What made the dinosaurs go extinct? This scientific question has been fraught with controversy since the 1800s. For a while, starting in the 1980s, it seemed like everybody had settled on one cause: an asteroid impact from outer space. That's what the textbooks say nowadays and that's "what everyone knows." But researchers, most of whom have been ignored and even shouted down, have kept on collecting evidence that favors an alternative. The case for their favored causevolcanismis bolstered by a paper in last week's issue of the journal Science.
Dinosaur fossils appear in the rocks throughout the long Cretaceous Period, but disappear at its end approximately 66 million years ago (except for the birds, which live on today). It wasn't just dinosaurs either: other land animals suffered too, and about half of all plant species disappeared. In the oceans, the large sea lizards known as mosasaurs vanished, along with the long-necked plesiosaurs and coiled shellfish known as ammonoids. Just as with land plants, the species of floating algae in the sea, the base of the ocean's food web, were devastated.
Arguments have long raged over what caused this mass extinction, typically called the "K-T event" because it marks the boundary between the Cretaceous Period (marked "K" on geologic maps) and the Tertiary Period that followed. Changes in sea level, climate, and ocean chemistry were the preferred candidates for many decades, and studies have shown that each of these can be nasty enough to cause large waves of extinction. Other, more novel suggestions included waves of disease, bursts of supernova radiation and evolutionary chaos.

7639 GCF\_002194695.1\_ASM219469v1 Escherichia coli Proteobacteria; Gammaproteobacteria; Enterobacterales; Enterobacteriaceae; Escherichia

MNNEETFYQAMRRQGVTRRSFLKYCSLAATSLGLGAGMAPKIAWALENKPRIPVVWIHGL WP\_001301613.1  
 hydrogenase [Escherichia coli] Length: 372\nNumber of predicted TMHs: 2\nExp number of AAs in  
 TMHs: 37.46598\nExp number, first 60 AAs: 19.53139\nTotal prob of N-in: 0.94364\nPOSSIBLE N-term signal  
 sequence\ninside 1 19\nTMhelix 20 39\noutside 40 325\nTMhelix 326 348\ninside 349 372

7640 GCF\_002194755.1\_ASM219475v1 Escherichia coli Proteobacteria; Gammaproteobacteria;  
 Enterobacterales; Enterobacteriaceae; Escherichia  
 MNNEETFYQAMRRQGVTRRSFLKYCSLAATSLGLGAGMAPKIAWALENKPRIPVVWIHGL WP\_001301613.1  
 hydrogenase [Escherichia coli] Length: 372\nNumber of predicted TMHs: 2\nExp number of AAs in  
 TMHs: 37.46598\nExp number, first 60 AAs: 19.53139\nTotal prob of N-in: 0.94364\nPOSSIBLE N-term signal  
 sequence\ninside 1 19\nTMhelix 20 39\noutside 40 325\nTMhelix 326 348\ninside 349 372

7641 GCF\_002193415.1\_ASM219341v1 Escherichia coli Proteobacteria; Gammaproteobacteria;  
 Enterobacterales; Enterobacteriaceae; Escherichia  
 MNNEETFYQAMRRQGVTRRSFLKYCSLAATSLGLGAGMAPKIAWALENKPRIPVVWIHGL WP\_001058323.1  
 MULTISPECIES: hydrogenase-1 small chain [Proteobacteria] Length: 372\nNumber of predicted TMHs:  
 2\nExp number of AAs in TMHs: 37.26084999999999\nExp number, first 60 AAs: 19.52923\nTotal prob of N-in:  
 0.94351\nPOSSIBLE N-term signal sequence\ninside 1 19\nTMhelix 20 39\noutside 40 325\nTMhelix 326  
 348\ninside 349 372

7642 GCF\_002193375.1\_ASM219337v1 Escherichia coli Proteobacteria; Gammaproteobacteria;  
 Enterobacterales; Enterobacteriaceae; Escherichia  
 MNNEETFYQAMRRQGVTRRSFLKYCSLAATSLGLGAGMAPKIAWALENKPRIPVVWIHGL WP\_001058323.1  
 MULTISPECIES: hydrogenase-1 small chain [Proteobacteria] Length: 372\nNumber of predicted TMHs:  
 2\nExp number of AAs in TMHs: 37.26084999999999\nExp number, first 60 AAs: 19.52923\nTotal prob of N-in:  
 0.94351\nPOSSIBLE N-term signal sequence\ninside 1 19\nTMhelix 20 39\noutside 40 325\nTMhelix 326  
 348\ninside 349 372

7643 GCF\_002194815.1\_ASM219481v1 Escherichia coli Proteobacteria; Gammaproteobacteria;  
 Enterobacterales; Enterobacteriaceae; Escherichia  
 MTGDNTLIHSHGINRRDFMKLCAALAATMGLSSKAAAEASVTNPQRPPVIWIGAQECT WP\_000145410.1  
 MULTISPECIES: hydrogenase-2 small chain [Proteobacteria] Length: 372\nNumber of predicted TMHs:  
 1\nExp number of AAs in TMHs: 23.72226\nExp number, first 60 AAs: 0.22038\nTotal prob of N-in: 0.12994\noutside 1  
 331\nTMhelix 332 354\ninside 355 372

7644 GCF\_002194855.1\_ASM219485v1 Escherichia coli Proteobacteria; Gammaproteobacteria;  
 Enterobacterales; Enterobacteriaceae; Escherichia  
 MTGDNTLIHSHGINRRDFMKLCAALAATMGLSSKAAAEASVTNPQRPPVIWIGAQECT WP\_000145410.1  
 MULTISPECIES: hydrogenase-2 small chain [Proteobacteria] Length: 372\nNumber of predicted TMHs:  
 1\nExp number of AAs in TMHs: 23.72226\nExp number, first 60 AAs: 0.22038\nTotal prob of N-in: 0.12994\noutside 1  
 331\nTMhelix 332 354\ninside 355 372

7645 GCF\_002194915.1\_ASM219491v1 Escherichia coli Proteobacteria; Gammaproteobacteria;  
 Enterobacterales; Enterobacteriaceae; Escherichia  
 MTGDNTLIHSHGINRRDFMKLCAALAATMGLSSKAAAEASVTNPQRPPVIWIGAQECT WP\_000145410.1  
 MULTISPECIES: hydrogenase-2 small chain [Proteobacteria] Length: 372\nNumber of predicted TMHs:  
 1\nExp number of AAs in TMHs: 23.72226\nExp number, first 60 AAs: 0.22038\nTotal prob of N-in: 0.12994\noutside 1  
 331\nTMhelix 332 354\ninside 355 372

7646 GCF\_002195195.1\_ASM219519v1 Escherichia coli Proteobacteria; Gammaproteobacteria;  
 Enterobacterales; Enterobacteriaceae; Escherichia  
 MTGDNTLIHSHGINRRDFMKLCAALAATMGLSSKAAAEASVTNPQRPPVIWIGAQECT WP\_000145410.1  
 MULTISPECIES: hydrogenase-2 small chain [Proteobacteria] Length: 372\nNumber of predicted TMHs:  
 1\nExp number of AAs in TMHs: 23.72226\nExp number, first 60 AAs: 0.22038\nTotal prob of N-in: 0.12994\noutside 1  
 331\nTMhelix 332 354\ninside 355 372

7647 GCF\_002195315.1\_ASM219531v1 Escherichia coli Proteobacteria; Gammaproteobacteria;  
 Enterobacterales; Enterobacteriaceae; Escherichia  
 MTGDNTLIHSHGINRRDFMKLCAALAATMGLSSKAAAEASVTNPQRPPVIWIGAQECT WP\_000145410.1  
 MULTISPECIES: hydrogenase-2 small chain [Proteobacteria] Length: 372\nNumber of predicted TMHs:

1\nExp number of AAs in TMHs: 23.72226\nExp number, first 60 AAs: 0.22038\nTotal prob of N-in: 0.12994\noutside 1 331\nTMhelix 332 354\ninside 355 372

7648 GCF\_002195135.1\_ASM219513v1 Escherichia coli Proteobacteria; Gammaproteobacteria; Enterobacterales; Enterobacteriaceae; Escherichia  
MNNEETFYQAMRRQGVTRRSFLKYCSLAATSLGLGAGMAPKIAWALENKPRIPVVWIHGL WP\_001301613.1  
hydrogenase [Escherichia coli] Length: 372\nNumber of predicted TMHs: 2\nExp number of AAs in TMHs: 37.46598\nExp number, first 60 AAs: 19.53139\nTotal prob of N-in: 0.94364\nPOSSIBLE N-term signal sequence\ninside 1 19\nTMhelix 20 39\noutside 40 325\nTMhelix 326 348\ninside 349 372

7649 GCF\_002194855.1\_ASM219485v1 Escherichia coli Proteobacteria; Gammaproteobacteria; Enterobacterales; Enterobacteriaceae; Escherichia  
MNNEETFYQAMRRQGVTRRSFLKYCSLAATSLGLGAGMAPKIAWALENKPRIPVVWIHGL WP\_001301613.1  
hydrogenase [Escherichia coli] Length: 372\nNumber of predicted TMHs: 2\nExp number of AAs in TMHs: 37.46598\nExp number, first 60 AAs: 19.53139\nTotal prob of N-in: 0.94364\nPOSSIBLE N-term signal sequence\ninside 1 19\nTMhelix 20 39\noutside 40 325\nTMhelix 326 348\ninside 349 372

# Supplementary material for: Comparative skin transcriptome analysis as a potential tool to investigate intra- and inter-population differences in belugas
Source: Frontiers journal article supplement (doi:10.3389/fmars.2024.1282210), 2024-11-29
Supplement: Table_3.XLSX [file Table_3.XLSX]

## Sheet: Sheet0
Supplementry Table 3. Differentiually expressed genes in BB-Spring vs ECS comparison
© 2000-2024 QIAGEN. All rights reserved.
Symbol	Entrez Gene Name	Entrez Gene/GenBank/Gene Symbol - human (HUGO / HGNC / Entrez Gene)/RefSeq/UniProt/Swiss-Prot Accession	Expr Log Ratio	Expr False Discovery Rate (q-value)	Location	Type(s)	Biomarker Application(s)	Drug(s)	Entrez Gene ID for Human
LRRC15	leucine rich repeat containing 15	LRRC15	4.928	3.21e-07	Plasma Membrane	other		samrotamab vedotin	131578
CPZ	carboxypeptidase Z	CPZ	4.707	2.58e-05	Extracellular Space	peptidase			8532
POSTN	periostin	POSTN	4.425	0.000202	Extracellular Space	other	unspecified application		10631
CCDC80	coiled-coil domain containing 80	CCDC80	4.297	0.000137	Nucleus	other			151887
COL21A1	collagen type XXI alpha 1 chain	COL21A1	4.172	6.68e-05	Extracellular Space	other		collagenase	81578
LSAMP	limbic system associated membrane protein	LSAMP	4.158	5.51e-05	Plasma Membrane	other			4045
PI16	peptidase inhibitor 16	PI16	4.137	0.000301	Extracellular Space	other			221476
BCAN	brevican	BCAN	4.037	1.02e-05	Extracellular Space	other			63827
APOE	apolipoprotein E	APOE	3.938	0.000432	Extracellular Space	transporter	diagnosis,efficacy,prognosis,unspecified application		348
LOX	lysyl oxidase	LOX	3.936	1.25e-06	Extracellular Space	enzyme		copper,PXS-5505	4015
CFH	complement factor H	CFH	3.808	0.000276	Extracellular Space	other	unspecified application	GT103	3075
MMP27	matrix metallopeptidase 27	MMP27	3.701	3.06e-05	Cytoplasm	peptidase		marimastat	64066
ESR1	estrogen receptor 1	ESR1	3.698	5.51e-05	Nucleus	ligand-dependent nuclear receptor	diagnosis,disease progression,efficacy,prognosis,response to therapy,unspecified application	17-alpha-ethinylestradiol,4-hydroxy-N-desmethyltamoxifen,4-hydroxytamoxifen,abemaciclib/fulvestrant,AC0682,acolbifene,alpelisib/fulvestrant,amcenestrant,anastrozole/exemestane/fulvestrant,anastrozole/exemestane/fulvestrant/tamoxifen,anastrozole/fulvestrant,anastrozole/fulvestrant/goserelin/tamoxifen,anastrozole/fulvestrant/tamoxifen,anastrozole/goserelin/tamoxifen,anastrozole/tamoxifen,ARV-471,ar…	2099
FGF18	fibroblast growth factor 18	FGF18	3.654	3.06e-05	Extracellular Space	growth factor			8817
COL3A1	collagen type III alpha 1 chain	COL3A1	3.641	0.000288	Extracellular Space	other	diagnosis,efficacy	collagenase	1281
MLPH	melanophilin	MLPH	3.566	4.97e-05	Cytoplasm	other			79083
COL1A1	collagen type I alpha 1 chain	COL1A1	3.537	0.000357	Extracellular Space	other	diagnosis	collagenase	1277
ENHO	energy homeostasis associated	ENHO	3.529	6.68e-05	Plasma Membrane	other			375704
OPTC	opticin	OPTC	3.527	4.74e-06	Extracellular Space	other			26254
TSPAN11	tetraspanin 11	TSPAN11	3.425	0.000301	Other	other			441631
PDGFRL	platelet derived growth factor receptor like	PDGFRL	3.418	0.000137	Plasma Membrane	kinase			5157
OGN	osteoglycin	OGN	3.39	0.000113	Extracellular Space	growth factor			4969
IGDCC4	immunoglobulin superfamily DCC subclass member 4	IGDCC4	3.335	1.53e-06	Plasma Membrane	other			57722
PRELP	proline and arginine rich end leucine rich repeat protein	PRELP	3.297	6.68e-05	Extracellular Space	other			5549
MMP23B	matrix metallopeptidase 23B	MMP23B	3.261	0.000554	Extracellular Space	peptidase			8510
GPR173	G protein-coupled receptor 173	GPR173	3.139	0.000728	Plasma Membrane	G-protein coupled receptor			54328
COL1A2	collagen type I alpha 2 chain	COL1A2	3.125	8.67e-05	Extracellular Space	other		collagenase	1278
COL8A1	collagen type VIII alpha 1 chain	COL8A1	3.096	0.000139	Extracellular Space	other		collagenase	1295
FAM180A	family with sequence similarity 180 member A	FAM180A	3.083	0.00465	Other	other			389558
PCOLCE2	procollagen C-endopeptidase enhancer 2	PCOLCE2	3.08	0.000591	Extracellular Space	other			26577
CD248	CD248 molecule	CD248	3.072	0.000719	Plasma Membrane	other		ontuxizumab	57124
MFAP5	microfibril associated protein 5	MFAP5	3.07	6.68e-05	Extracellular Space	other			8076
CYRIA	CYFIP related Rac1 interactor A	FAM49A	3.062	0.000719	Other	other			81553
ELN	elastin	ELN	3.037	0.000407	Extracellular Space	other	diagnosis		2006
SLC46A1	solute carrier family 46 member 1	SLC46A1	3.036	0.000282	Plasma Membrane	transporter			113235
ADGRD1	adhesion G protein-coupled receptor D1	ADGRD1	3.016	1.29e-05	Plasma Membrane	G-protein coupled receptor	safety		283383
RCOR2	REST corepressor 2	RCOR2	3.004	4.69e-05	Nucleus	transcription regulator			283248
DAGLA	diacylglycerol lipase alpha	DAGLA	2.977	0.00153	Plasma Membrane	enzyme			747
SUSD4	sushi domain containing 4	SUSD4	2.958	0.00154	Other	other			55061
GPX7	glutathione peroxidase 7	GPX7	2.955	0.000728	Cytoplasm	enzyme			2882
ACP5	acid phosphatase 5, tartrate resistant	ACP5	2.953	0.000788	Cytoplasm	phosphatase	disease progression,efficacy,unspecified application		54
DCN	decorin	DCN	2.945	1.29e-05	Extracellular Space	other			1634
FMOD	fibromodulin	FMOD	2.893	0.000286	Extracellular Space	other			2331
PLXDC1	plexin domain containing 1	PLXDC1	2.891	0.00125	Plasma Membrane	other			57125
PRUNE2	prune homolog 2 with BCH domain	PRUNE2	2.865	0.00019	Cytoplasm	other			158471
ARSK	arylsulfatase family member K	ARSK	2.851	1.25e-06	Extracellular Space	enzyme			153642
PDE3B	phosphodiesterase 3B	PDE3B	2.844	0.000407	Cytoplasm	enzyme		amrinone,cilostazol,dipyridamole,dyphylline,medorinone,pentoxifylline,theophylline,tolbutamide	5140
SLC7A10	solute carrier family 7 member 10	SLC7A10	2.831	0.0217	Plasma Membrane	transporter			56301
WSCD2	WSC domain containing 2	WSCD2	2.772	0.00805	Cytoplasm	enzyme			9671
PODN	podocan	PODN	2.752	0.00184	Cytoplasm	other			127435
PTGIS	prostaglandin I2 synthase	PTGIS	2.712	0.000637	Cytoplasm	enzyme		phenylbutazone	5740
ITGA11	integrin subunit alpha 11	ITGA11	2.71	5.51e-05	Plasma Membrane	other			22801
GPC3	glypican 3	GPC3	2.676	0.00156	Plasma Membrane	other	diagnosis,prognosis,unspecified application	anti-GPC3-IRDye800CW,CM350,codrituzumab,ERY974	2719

Around 1980, two new "bombshell" candidates arose: a gigantic episode of volcanic activity and a gigantic cosmic impact. The impact theory, invented at UC Berkeley, is so well known you can chat about it at parties. It's plausible science and a great story besides. The main problem is that the K-T mass extinction appears to have started before the impact and continued after it.
The volcanic theory is just as plausible, especially after 30 years of research. Giant eruption episodes are blamed for causing several other mass extinctions. And lava flows built a stupendous pile of basalt the size of France, called the Deccan Traps, in the heart of India around the time of the K-T event. Large amounts of lava emit sulfur gases and carbon dioxide. Either of these gases could disturb global climate and the chemistry of the ocean. If enough lava were erupted all at once, the effects of both gases would look like an instantaneous blow in the geologic record. The main problem with the Deccan Traps is that its exact age and chronology are poorly known.